Reid: Arizona ruling shows Congress needs to reform immigration, not states

He also said the conclusion means it's time for the two parties to come together and work on a comprehensive immigration bill. Reid then outlined his vision of what an immigration bill could look like.

"It's time for them to work with us for a reasonable solution, one that continues to secure our borders, punishes unscrupulous employers who exploit immigrants and undercut American wages, improves our dysfunctional legal immigration system and finally requires the 11 million people who are undocumented to register with the government, pay fines, taxes, learn English, and then they don't go to the front of the line, they go to the back of the line."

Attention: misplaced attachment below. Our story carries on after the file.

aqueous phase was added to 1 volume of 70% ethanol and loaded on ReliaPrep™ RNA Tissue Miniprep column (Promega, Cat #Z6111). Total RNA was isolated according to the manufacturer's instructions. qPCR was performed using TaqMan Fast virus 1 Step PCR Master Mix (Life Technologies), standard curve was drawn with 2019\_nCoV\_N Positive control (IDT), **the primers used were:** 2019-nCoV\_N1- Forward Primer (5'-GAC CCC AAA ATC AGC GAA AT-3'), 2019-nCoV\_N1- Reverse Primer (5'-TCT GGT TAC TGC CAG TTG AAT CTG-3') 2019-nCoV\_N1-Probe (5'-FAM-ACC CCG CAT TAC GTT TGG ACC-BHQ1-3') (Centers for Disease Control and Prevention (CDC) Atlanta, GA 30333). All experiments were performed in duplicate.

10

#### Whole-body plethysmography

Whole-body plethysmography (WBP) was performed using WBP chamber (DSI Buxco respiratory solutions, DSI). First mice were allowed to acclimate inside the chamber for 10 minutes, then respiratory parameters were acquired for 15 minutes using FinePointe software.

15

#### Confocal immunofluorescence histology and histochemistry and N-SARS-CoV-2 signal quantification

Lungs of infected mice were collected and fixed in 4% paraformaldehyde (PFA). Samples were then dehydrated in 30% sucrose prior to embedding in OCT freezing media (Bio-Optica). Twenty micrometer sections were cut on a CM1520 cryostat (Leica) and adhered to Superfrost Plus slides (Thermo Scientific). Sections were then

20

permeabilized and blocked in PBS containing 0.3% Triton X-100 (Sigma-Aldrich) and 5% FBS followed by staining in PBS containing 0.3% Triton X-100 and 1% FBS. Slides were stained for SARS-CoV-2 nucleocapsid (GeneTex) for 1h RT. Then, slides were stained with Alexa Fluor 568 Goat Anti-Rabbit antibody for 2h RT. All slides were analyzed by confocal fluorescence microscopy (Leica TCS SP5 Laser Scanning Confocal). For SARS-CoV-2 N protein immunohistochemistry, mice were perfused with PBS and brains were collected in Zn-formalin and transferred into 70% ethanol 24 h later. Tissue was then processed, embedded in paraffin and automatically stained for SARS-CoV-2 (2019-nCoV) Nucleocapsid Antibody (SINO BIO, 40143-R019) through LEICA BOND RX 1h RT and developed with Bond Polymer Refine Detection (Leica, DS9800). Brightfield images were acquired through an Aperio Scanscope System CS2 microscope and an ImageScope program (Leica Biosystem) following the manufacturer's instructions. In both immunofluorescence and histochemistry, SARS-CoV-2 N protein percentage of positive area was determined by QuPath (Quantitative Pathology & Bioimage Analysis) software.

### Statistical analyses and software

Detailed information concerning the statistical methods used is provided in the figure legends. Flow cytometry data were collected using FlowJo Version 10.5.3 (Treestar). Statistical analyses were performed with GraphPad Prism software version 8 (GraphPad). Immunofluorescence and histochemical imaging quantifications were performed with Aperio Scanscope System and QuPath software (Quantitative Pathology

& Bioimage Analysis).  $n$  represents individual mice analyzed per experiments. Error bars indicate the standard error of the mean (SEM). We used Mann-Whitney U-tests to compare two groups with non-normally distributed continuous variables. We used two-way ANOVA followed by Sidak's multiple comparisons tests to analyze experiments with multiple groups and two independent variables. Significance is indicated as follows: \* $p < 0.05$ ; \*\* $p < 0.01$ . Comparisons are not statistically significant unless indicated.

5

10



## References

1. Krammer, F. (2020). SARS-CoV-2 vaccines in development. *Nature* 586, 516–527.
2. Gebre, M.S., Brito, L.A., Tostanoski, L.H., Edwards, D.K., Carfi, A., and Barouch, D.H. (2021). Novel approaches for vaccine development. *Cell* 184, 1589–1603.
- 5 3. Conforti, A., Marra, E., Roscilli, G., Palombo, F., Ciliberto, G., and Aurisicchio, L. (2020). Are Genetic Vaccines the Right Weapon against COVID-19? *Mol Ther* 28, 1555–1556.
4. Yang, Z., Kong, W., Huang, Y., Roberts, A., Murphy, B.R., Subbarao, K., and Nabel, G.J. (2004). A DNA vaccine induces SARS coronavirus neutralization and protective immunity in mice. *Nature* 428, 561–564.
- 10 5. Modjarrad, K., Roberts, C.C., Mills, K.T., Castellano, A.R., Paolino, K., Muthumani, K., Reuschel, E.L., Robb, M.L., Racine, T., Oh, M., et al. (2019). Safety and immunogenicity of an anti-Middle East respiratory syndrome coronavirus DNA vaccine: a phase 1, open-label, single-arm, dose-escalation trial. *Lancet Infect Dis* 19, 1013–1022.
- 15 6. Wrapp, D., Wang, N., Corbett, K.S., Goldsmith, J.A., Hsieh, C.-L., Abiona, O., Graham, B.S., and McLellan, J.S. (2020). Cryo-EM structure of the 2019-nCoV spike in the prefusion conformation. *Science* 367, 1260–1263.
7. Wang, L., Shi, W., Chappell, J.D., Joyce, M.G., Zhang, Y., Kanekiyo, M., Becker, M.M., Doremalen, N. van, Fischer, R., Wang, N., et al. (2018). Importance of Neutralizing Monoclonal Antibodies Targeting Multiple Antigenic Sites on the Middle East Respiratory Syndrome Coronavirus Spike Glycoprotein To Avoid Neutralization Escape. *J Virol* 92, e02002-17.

However, Reid said Republicans have been less interested in an immigration bill, and instead seem content to let their presidential candidate set the terms of debate on the issue. He criticized Mitt Romney for calling Arizona's law a "model" for the United States, now that parts of it have been struck down.

He also argued that Democrats have been trying for years to find a permanent solution, only to have their ideas blocked by Republicans.

"We've done everything that is humanly possible to pass comprehensive immigration reform," he said. "We've been trying to do it for years.

"You can't blame Democrats for not passing a bipartisan immigration bill when they're the ones who brought the bill."

On Monday, the Supreme Court upheld the part of the Arizona law that allows law enforcement officers to check whether people are lawful immigrants, but rejected three other parts requiring legal immigrants to carry work papers, making it a crime to employ illegal aliens and letting police arrest illegal aliens.